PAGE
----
|HTML parsing PHP server load|
Will this effect the server load by a lot?
I'm trying to re-do a site to using PHP include for navigation and the like. The main reason being that I don't want to rename all the pages to shtml or php, to avoid broken links/awkward re-directs and general confusion.
The network admin is concerned that parsing all of the html files as php is going to create a significant increase on the server load. I was asked to look into it. Does anyone have any idea how great of an impact that will have? We get around 35,000 requests per month.
This is my first post here, so I'm not sure if I'm asking in the right place. Please feel free to re-direct me (HA!) if needed.
35K requests per day is barely a server load these days unless you have ancient hardware.
35K per month is an idle server.
Most sites, really busy sites, run PHP all day long for forums, blogs, etc. for every single page.
Your network admin is far too cautious.
So, and forgive my ignorance, does forcing the server to parse html files as php produce more load than simply using php files to begin with? Rather, if I were to re-make every html file as a php file would the load be the same?
I appreciate your input.
The load should be the same if you add PHP to pre-process all .html files (I do this on all my servers) or re-make them to .php files. I don't see the difference really because the amount of execution should be identical.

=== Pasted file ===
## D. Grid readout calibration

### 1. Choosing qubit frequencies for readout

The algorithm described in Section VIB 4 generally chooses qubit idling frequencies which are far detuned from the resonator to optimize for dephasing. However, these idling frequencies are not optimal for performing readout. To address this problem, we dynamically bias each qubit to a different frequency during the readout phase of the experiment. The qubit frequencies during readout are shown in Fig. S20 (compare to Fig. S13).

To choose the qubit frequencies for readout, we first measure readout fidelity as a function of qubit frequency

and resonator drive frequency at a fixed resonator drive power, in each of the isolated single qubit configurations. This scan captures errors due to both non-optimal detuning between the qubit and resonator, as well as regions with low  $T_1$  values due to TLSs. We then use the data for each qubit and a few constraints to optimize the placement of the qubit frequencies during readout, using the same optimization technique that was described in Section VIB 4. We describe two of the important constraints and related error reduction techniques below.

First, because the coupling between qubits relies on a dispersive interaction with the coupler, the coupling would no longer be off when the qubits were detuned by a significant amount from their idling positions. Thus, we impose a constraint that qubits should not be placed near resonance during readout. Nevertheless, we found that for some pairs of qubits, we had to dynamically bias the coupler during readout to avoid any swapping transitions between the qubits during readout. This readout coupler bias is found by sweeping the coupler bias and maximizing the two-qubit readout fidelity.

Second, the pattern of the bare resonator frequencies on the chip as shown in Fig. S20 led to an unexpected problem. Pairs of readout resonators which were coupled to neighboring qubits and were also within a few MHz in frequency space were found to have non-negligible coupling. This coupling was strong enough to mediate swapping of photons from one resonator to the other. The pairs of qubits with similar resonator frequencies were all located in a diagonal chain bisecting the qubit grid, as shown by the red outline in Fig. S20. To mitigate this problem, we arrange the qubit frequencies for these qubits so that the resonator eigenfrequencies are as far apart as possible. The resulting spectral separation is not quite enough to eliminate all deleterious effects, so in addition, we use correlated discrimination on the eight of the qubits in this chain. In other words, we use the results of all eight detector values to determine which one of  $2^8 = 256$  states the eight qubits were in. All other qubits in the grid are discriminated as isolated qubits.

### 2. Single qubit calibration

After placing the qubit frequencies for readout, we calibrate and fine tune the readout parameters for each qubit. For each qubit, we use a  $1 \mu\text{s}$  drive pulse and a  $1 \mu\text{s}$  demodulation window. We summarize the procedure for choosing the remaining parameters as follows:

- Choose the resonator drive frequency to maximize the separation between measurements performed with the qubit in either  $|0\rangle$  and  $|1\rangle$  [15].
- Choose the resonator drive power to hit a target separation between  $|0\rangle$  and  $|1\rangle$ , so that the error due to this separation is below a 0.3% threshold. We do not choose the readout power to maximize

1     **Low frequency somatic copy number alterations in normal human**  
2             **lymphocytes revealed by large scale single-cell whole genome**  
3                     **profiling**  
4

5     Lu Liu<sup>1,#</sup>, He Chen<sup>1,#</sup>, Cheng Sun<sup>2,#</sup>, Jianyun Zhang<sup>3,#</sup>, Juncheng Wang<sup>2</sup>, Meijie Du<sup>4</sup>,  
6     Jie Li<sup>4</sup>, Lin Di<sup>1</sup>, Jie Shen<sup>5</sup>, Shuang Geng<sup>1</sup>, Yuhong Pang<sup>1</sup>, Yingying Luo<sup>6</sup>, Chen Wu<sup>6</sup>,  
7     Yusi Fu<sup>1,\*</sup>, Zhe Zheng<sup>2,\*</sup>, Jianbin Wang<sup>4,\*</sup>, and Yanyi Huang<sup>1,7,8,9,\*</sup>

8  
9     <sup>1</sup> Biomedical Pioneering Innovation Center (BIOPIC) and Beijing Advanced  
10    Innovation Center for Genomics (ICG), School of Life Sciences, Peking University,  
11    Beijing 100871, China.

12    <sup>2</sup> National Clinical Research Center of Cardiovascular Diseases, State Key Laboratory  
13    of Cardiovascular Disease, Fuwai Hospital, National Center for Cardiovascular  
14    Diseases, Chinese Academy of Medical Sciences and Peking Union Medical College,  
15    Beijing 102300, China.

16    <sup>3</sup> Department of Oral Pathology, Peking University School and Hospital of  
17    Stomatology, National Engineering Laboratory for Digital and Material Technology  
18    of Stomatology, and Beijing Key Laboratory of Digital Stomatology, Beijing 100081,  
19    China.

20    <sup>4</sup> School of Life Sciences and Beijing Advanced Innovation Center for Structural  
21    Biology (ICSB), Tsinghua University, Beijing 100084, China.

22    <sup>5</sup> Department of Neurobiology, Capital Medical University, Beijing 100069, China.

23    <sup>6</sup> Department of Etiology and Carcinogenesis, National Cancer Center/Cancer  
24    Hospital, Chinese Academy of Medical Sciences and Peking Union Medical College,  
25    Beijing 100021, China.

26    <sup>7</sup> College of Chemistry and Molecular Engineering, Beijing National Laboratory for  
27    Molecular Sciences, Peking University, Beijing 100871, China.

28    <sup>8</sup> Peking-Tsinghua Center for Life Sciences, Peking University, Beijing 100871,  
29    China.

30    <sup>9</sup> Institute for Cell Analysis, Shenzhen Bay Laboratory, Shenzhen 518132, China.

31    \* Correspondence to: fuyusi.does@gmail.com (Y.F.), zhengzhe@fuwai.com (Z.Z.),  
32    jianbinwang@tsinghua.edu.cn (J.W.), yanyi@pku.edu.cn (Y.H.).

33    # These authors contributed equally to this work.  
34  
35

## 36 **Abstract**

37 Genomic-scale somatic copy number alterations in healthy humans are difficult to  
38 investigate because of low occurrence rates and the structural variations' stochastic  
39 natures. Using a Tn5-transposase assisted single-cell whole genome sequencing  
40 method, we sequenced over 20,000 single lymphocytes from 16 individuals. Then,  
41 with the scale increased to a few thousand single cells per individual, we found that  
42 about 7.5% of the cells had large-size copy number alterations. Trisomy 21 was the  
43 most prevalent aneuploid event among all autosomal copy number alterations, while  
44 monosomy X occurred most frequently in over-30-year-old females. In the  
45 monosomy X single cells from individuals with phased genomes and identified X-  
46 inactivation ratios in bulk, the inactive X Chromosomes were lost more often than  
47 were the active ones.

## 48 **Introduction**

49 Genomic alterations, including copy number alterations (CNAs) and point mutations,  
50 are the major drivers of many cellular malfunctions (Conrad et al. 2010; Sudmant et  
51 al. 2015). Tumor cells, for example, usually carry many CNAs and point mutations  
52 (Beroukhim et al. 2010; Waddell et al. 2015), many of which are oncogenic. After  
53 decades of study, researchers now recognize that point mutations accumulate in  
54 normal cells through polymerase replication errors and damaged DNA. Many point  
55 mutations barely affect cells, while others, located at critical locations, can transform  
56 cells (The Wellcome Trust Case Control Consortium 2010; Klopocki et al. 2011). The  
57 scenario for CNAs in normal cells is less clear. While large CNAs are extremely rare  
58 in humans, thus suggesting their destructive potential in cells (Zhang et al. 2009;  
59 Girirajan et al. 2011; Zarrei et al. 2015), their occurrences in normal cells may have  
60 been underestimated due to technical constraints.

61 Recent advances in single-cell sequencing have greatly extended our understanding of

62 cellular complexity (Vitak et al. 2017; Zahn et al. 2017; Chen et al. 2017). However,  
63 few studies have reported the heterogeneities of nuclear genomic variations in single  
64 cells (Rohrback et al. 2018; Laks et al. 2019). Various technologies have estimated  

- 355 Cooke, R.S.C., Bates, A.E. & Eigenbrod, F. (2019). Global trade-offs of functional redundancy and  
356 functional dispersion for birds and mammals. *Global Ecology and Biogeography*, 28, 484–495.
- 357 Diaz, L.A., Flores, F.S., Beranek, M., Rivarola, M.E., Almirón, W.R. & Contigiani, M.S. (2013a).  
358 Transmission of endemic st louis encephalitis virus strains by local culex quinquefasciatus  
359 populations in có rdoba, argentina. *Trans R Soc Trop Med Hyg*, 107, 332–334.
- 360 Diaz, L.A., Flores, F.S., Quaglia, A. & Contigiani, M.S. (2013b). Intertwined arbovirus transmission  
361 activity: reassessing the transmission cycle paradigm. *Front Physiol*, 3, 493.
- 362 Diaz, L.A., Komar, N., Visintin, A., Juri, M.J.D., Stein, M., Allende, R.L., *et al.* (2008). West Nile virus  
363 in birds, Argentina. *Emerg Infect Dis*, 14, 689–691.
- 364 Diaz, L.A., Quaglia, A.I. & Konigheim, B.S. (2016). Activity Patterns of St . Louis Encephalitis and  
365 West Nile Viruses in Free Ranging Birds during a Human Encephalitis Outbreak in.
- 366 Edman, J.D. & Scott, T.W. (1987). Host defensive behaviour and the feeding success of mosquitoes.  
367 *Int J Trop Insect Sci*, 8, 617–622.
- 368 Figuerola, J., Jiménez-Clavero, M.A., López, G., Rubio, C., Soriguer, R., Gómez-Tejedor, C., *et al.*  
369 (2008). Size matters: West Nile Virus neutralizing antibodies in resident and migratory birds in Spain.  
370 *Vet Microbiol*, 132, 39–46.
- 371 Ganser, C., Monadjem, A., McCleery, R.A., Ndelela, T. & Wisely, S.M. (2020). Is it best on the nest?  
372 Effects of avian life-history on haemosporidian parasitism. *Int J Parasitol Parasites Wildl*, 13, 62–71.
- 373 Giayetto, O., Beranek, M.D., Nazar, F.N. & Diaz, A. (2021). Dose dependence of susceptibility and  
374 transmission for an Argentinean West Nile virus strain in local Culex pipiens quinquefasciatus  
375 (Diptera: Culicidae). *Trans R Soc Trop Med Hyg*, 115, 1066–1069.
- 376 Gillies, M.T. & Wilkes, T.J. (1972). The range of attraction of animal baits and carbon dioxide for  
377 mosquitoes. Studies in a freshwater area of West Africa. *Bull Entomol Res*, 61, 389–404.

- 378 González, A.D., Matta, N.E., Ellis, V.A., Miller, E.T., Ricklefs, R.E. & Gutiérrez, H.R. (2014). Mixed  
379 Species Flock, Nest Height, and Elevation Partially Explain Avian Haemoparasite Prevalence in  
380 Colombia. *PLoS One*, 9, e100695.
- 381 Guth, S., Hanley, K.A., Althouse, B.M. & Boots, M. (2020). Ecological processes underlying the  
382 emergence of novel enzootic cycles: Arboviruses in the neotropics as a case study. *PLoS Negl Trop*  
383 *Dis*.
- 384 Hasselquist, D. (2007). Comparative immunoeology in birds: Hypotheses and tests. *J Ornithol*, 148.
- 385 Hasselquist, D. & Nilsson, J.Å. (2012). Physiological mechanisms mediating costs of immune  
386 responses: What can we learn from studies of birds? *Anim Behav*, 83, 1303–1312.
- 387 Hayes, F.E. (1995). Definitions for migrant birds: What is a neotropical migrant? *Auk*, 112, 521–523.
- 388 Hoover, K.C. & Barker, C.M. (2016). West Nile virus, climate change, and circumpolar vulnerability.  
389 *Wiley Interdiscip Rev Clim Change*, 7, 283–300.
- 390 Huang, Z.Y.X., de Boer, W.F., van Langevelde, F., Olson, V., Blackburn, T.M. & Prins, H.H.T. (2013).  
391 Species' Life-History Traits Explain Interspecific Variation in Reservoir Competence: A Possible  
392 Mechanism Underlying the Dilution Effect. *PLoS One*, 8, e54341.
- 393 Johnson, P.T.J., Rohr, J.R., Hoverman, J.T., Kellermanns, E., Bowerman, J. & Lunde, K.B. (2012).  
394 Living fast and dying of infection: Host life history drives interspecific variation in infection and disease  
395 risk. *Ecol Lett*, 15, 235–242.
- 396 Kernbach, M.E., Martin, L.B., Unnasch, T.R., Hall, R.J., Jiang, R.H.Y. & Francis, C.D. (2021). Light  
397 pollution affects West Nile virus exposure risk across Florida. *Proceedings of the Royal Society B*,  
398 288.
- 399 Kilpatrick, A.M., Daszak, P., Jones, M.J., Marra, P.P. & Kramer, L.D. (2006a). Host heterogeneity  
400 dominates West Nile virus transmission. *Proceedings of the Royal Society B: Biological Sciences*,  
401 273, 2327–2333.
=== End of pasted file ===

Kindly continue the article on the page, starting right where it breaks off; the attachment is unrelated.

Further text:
In either case PHP has to process your HTML content looking for the begin and ending PHP tags that specify where the code exists. You gain nothing by telling it in advance it's a .PHP file except Apache already knows what to do with it immediately instead of processing yet another directive. Even knowing it's a .PHP file, PHP has to still process all the HTML to find the PHP tags, same difference either way.
How you run PHP on your server is more likely to impact performance than PHP itself. Some run PHP as a CGI or FASTCGI instead of installing it as an Apache module. If your server has it installed as a CGI then it's going to suck wind.
Easy way to figure exactly how much time you're adding per page is using real numbers from page load performance testing tools and try your site before you add PHP and after adding PHP.
Google Page Speed for Chrome would be a good start:
However, unless you're running your site on a Commodore-64, or the chip powering your server is a Dorito, you shouldn't notice much of delay, typically milliseconds, not seconds, unless they're stupidly running PHP as a CGI.
If someone else knows better they can chime in here.
It should be fine and no it shouldn't be "significant," but what your admin is suggesting is it's more load than necessary. Which is absolutely true. Think about this,
|I don't want to rename all the pages to shtml or php, to avoid broken links/awkward re-directs and general confusion. |
I don't know what you mean by "awkward redirects", as you shouldn't need any, and in **either** case you shouldn't have to rename anything (which would be bad - because then you'd have to 301 all URL's for search engines). But what's relevant here is that what you'll be doing for PHP is the exact same thing you'd do for SSI's.
- Add a handler to your .htaccess or server config to parse htm html as PHP OR SSI (depending on which you choose, can't do both obviously)
- modify the areas of all documents for the inclusion
In terms of the tasks you'll perform, it's the same thing. Instead of calling the rich server side scripting language PHP with this,
<?php include ($_SERVER['DOCUMENT_ROOT] . '/includes/header-nav.html'); ?>
You'd call the server side includes parser, which is really "the right tool for the job" if that's all you're doing.
<!--#include virtual="/includes/header-nav.html" -->